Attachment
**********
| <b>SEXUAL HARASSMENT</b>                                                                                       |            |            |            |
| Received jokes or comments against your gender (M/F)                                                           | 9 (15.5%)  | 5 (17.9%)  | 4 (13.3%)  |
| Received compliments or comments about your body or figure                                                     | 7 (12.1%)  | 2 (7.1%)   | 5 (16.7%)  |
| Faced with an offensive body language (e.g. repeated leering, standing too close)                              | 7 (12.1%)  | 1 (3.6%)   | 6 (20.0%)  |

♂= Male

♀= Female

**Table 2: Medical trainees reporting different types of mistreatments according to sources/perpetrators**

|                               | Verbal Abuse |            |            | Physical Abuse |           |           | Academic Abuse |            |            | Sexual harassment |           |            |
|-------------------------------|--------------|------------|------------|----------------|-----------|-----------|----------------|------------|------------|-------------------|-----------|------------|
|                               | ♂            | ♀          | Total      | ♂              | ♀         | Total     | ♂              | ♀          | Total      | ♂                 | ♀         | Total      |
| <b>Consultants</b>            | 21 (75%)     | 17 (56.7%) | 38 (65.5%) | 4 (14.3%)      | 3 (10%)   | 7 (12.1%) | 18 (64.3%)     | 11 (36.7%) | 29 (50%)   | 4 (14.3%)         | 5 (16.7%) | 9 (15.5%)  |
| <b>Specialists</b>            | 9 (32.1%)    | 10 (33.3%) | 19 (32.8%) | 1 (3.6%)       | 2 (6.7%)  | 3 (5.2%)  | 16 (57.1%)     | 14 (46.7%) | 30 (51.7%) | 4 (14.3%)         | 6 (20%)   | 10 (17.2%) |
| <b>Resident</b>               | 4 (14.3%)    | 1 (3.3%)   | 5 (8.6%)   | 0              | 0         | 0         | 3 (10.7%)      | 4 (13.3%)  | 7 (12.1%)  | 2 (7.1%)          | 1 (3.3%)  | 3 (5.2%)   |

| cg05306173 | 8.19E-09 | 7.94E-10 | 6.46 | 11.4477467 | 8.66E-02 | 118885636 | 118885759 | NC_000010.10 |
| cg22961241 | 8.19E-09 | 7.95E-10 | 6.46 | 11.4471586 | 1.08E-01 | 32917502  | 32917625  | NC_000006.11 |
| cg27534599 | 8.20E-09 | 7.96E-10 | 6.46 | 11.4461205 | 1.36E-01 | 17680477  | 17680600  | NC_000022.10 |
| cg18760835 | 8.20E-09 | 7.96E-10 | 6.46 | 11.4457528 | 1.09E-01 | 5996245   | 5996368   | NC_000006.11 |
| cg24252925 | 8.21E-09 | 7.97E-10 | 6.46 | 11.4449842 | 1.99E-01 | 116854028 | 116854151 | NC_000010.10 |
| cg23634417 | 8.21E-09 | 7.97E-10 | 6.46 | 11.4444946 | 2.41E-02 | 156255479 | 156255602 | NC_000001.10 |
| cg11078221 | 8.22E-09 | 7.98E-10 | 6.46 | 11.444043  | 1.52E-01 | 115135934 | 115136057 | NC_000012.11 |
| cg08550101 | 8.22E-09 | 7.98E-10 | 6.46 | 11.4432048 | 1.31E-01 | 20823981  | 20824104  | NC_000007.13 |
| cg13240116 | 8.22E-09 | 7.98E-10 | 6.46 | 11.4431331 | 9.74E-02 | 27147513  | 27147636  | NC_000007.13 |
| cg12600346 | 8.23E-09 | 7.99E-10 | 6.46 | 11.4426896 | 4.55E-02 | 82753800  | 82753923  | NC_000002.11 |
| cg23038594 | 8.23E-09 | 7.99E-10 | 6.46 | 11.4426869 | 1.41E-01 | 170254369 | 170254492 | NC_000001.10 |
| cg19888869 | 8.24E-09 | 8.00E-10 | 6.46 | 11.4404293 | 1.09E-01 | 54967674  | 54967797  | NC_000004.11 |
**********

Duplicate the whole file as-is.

| <b>SEXUAL HARASSMENT</b>                                                                                       |            |            |            |
| Received jokes or comments against your gender (M/F)                                                           | 9 (15.5%)  | 5 (17.9%)  | 4 (13.3%)  |
| Received compliments or comments about your body or figure                                                     | 7 (12.1%)  | 2 (7.1%)   | 5 (16.7%)  |
| Faced with an offensive body language (e.g. repeated leering, standing too close)                              | 7 (12.1%)  | 1 (3.6%)   | 6 (20.0%)  |

♂= Male

♀= Female

**Table 2: Medical trainees reporting different types of mistreatments according to sources/perpetrators**

|                               | Verbal Abuse |            |            | Physical Abuse |           |           | Academic Abuse |            |            | Sexual harassment |           |            |
|-------------------------------|--------------|------------|------------|----------------|-----------|-----------|----------------|------------|------------|-------------------|-----------|------------|
|                               | ♂            | ♀          | Total      | ♂              | ♀         | Total     | ♂              | ♀          | Total      | ♂                 | ♀         | Total      |
| <b>Consultants</b>            | 21 (75%)     | 17 (56.7%) | 38 (65.5%) | 4 (14.3%)      | 3 (10%)   | 7 (12.1%) | 18 (64.3%)     | 11 (36.7%) | 29 (50%)   | 4 (14.3%)         | 5 (16.7%) | 9 (15.5%)  |
| <b>Specialists</b>            | 9 (32.1%)    | 10 (33.3%) | 19 (32.8%) | 1 (3.6%)       | 2 (6.7%)  | 3 (5.2%)  | 16 (57.1%)     | 14 (46.7%) | 30 (51.7%) | 4 (14.3%)         | 6 (20%)   | 10 (17.2%) |
| <b>Resident</b>               | 4 (14.3%)    | 1 (3.3%)   | 5 (8.6%)   | 0              | 0         | 0         | 3 (10.7%)      | 4 (13.3%)  | 7 (12.1%)  | 2 (7.1%)          | 1 (3.3%)  | 3 (5.2%)   |

| cg05306173 | 8.19E-09 | 7.94E-10 | 6.46 | 11.4477467 | 8.66E-02 | 118885636 | 118885759 | NC_000010.10 |
| cg22961241 | 8.19E-09 | 7.95E-10 | 6.46 | 11.4471586 | 1.08E-01 | 32917502  | 32917625  | NC_000006.11 |
| cg27534599 | 8.20E-09 | 7.96E-10 | 6.46 | 11.4461205 | 1.36E-01 | 17680477  | 17680600  | NC_000022.10 |
| cg18760835 | 8.20E-09 | 7.96E-10 | 6.46 | 11.4457528 | 1.09E-01 | 5996245   | 5996368   | NC_000006.11 |
| cg24252925 | 8.21E-09 | 7.97E-10 | 6.46 | 11.4449842 | 1.99E-01 | 116854028 | 116854151 | NC_000010.10 |
| cg23634417 | 8.21E-09 | 7.97E-10 | 6.46 | 11.4444946 | 2.41E-02 | 156255479 | 156255602 | NC_000001.10 |
| cg11078221 | 8.22E-09 | 7.98E-10 | 6.46 | 11.444043  | 1.52E-01 | 115135934 | 115136057 | NC_000012.11 |
| cg08550101 | 8.22E-09 | 7.98E-10 | 6.46 | 11.4432048 | 1.31E-01 | 20823981  | 20824104  | NC_000007.13 |
| cg13240116 | 8.22E-09 | 7.98E-10 | 6.46 | 11.4431331 | 9.74E-02 | 27147513  | 27147636  | NC_000007.13 |
| cg12600346 | 8.23E-09 | 7.99E-10 | 6.46 | 11.4426896 | 4.55E-02 | 82753800  | 82753923  | NC_000002.11 |
| cg23038594 | 8.23E-09 | 7.99E-10 | 6.46 | 11.4426869 | 1.41E-01 | 170254369 | 170254492 | NC_000001.10 |
| cg19888869 | 8.24E-09 | 8.00E-10 | 6.46 | 11.4404293 | 1.09E-01 | 54967674  | 54967797  | NC_000004.11 |